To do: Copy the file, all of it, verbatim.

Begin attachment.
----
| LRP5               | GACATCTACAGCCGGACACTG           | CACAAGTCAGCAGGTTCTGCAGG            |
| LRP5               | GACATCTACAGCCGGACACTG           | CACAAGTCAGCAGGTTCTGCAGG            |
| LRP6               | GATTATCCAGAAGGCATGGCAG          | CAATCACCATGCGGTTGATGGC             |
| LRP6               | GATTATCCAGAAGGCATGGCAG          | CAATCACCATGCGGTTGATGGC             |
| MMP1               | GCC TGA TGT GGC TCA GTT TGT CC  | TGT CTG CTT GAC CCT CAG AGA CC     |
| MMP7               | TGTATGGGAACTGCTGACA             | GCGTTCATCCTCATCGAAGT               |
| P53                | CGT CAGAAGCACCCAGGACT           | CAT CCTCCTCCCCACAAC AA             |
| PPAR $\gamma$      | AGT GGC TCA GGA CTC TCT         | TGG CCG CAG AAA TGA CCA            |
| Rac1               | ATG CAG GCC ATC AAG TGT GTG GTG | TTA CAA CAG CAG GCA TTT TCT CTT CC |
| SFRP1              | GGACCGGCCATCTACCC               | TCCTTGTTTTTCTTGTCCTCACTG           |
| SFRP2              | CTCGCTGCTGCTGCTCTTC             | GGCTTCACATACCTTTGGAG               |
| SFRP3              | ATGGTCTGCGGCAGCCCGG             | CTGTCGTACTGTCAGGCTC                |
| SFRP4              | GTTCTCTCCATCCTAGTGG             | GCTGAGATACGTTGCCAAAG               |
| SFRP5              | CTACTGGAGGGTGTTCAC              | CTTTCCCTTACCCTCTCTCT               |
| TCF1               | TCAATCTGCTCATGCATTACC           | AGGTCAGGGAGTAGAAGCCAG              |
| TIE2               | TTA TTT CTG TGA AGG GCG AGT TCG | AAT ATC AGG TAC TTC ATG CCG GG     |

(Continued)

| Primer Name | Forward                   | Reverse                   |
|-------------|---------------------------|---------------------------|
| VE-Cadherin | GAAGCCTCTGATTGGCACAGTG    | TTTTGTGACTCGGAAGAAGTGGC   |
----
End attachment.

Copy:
| LRP5               | GACATCTACAGCCGGACACTG           | CACAAGTCAGCAGGTTCTGCAGG            |
| LRP5               | GACATCTACAGCCGGACACTG           | CACAAGTCAGCAGGTTCTGCAGG            |
| LRP6               | GATTATCCAGAAGGCATGGCAG          | CAATCACCATGCGGTTGATGGC             |
| LRP6               | GATTATCCAGAAGGCATGGCAG          | CAATCACCATGCGGTTGATGGC             |
| MMP1               | GCC TGA TGT GGC TCA GTT TGT CC  | TGT CTG CTT GAC CCT CAG AGA CC     |
| MMP7               | TGTATGGGAACTGCTGACA             | GCGTTCATCCTCATCGAAGT               |
| P53                | CGT CAGAAGCACCCAGGACT           | CAT CCTCCTCCCCACAAC AA             |
| PPAR $\gamma$      | AGT GGC TCA GGA CTC TCT         | TGG CCG CAG AAA TGA CCA            |
| Rac1               | ATG CAG GCC ATC AAG TGT GTG GTG | TTA CAA CAG CAG GCA TTT TCT CTT CC |
| SFRP1              | GGACCGGCCATCTACCC               | TCCTTGTTTTTCTTGTCCTCACTG           |
| SFRP2              | CTCGCTGCTGCTGCTCTTC             | GGCTTCACATACCTTTGGAG               |
| SFRP3              | ATGGTCTGCGGCAGCCCGG             | CTGTCGTACTGTCAGGCTC                |
| SFRP4              | GTTCTCTCCATCCTAGTGG             | GCTGAGATACGTTGCCAAAG               |
| SFRP5              | CTACTGGAGGGTGTTCAC              | CTTTCCCTTACCCTCTCTCT               |
| TCF1               | TCAATCTGCTCATGCATTACC           | AGGTCAGGGAGTAGAAGCCAG              |
| TIE2               | TTA TTT CTG TGA AGG GCG AGT TCG | AAT ATC AGG TAC TTC ATG CCG GG     |

(Continued)

| Primer Name | Forward                   | Reverse                   |
|-------------|---------------------------|---------------------------|
| VE-Cadherin | GAAGCCTCTGATTGGCACAGTG    | TTTTGTGACTCGGAAGAAGTGGC   |